Production, exports, hectarage, varieties and protected indications; Greek wines may have limited production capacity but are of top-tier quality and full of exciting flavors.
Story: Vana Antonopoulou
Despite being the cradle of contemporary wine culture, the Greek vineyard remains uncharted territory for oenophiles all over the world. Many archaeological finds in Greece, Asia Minor, and the Black Sea (areas that had been settled by the Greeks during antiquity or the Middle Ages), and from different historic periods, have proven the importance of wine-growing, wine-making, and wine trading in the Greek social as well as economic life.
By using the sea trade routes towards the Middle East, and the mountainous trade paths to the Balkans, wine has managed –even from Minoan times– to become the number one product in exports, enjoying a strong market share in West Europe and the Russian Empire, until at least the end of the 19th century. Since then, however, a number of factors such as the destruction of the vineyards from phylloxera, the desolation of the countryside from the wars, the cultivation of more bountiful crops (tobacco and fruit-bearing trees), urbanization, and the difficulty of wine makers to turn to updated technology, have gradually pushed Greek wine from the spotlight.
Greek know how
A wind of change started blowing sometime during the 1980s, when the first generation of Greek oenologists that had studied abroad—at celebrated French universities—returned home. At the same time, significant investors appeared in the wine business intent on transforming the Greek wine scene. These young, ambitious oenologists and agronomists, used their academic knowledge and work experience at legendary French chateaux in Bordeaux to transform the Greek vineyard through extensive planting of foreign, and, later on, indigenous varietals.
Combining an ancient heritage with the most sophisticated wine-making practices, Greek producers can be proud of the distinctive flavor, and individual palate structures of the modern Greek wines. The development of unique viticultural practices (integrated management systems in most cases), and the limited yield potential per hectare have resulted to an increase in terms of grape quality. With better produce quality and cutting-edge equipment, wines coming out of Greece have aromatic complexity, individual palate structure, good aging ability, and stand apart from the competition.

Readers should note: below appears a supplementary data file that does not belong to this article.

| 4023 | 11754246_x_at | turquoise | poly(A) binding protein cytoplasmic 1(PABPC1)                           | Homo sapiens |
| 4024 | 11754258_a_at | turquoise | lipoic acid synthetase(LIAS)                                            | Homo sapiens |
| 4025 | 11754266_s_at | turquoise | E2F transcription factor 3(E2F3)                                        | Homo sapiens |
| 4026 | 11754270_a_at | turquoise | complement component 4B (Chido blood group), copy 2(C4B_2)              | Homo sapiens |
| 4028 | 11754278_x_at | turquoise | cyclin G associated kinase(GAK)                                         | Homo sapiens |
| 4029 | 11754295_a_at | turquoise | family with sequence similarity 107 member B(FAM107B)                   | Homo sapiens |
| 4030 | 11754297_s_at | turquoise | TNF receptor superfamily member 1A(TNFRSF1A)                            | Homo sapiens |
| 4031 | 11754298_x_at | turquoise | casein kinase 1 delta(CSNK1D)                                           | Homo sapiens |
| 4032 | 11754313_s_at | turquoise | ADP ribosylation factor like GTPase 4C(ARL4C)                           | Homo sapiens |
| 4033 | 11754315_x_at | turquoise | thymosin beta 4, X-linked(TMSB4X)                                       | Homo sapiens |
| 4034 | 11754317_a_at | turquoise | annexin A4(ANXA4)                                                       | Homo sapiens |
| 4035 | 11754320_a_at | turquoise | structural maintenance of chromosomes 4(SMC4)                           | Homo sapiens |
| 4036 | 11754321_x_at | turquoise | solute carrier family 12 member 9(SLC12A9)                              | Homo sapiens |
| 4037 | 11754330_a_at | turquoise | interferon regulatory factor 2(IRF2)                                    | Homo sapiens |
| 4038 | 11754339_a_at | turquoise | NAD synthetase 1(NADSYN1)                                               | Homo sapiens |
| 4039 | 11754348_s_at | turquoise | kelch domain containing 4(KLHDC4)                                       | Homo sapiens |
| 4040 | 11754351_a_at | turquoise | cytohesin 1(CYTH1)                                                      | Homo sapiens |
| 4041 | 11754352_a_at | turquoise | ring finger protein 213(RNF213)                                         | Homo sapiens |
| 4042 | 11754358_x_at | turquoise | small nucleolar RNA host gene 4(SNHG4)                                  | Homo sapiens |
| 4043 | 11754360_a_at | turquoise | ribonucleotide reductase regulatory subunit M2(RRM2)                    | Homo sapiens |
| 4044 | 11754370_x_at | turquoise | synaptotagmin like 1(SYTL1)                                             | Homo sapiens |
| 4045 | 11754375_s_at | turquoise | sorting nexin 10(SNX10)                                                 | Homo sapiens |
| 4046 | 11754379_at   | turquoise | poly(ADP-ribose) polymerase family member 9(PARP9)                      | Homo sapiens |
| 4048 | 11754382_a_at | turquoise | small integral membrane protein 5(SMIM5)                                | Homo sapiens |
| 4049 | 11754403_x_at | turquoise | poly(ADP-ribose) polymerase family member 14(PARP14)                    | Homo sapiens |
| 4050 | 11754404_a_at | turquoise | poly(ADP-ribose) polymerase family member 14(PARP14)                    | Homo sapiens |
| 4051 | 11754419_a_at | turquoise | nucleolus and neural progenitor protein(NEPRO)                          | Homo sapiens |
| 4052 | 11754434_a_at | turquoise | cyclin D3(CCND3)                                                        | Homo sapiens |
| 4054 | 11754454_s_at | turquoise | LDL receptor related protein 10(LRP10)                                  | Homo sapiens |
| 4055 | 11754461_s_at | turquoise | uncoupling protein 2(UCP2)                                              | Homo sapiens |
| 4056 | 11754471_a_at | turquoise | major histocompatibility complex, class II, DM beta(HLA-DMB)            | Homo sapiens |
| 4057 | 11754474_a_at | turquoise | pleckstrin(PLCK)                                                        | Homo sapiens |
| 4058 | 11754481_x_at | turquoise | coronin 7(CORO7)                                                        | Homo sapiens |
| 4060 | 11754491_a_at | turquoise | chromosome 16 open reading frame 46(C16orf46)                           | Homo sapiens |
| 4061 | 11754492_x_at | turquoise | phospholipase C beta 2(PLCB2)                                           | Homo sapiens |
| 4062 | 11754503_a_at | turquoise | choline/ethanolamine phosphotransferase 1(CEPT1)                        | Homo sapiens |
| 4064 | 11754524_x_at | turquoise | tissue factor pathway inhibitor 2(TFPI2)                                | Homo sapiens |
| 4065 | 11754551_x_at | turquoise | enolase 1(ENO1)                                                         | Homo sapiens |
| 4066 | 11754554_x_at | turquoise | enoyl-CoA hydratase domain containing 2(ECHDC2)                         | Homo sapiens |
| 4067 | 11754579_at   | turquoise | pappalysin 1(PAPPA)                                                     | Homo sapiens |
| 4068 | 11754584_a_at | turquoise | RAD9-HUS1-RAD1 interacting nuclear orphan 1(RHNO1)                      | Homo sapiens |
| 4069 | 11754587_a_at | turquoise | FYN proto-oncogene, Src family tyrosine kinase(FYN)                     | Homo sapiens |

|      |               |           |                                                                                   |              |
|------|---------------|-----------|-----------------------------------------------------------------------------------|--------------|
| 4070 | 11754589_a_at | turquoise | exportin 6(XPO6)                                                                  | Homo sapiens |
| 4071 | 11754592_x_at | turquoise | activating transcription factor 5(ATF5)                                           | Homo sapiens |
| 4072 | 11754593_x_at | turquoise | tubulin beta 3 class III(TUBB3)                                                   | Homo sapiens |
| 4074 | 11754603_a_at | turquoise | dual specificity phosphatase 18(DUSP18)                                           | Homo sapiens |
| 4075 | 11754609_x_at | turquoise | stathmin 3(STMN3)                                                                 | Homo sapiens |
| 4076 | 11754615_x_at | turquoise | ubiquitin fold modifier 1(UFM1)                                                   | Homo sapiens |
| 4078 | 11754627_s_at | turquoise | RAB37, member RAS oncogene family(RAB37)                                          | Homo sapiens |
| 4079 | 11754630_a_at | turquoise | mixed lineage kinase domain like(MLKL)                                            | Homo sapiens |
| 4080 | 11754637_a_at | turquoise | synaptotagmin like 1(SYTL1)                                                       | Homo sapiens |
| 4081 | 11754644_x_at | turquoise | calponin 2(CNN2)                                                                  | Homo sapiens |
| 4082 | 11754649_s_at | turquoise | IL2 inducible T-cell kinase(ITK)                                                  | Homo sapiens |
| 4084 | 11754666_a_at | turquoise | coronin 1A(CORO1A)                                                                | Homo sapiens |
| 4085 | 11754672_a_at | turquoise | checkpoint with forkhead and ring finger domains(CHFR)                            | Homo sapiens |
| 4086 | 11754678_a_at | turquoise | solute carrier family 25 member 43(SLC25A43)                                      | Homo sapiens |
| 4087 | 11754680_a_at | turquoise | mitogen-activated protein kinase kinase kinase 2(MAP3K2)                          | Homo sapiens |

Furthermore, most wine-makers have left rustic style wines behind, and have introduced fresher, lighter wines that showcase the virtues of each indigenous varietal—those varietals that during the last twenty years have managed to give a unique and original character to the new wines of Greece.
The only challenge, now, is how Greek wine producers can promote the superior quality of their wines to the international markets, as well as the millions of tourists visiting Greece each year.
The new wines of Greece
“The advantage of Greek wine is its distinct, authentic character. There are exceptional Greek terroirs and notable Greek varieties. Consumers interested in Greek wines are true connoisseurs and that is why, in international target-markets, we focus mostly on ambassador wines from varieties and regions that are unique in character and produce exceptional wines. For the time being, it appears that the Assyrtiko variety –the most easily recognizable variety— takes the crown in international buyers’ preferences,” explains Mr Yiannis Vogiatzis, President of the National Inter-professional Organization of Vine and Wine.
“It is safe to say that wine exports over the last 10 years have improved significantly. There is, as evidenced, great progress. In large, overseas target-markets (USA, Canada, Australia, etc.) from which Greek wines were virtually absent a few years ago, Greek wines are now present, while consumers can find them both in a good restaurant or on the shelf of a super market. Of course, this did not happen by accident, the industry, which at present is perhaps the most extrovert in Greek production, has fought and still fights on a plan-by-project basis,” he continues. “Since 2010, with the implementation of targeted branding and marketing strategies, we have been able to infiltrate ‘difficult’ markets where competition is fierce. Thus, in the target markets selected, there has been a spectacular increase in exports. Νamely:
- USA: From €5,983,000 worth of exports in 2009 to €12,271,000 worth in 2018. That is, a 105% increase.
- Canada: From €2,366,700 worth of exports in 2009 to €5,448,400 worth in 2018, amounting to a 130% increase.
- Australia: From €525,500 worth of exports in 2009 to €1,011,000 in 2018. That is, a 92% increase.”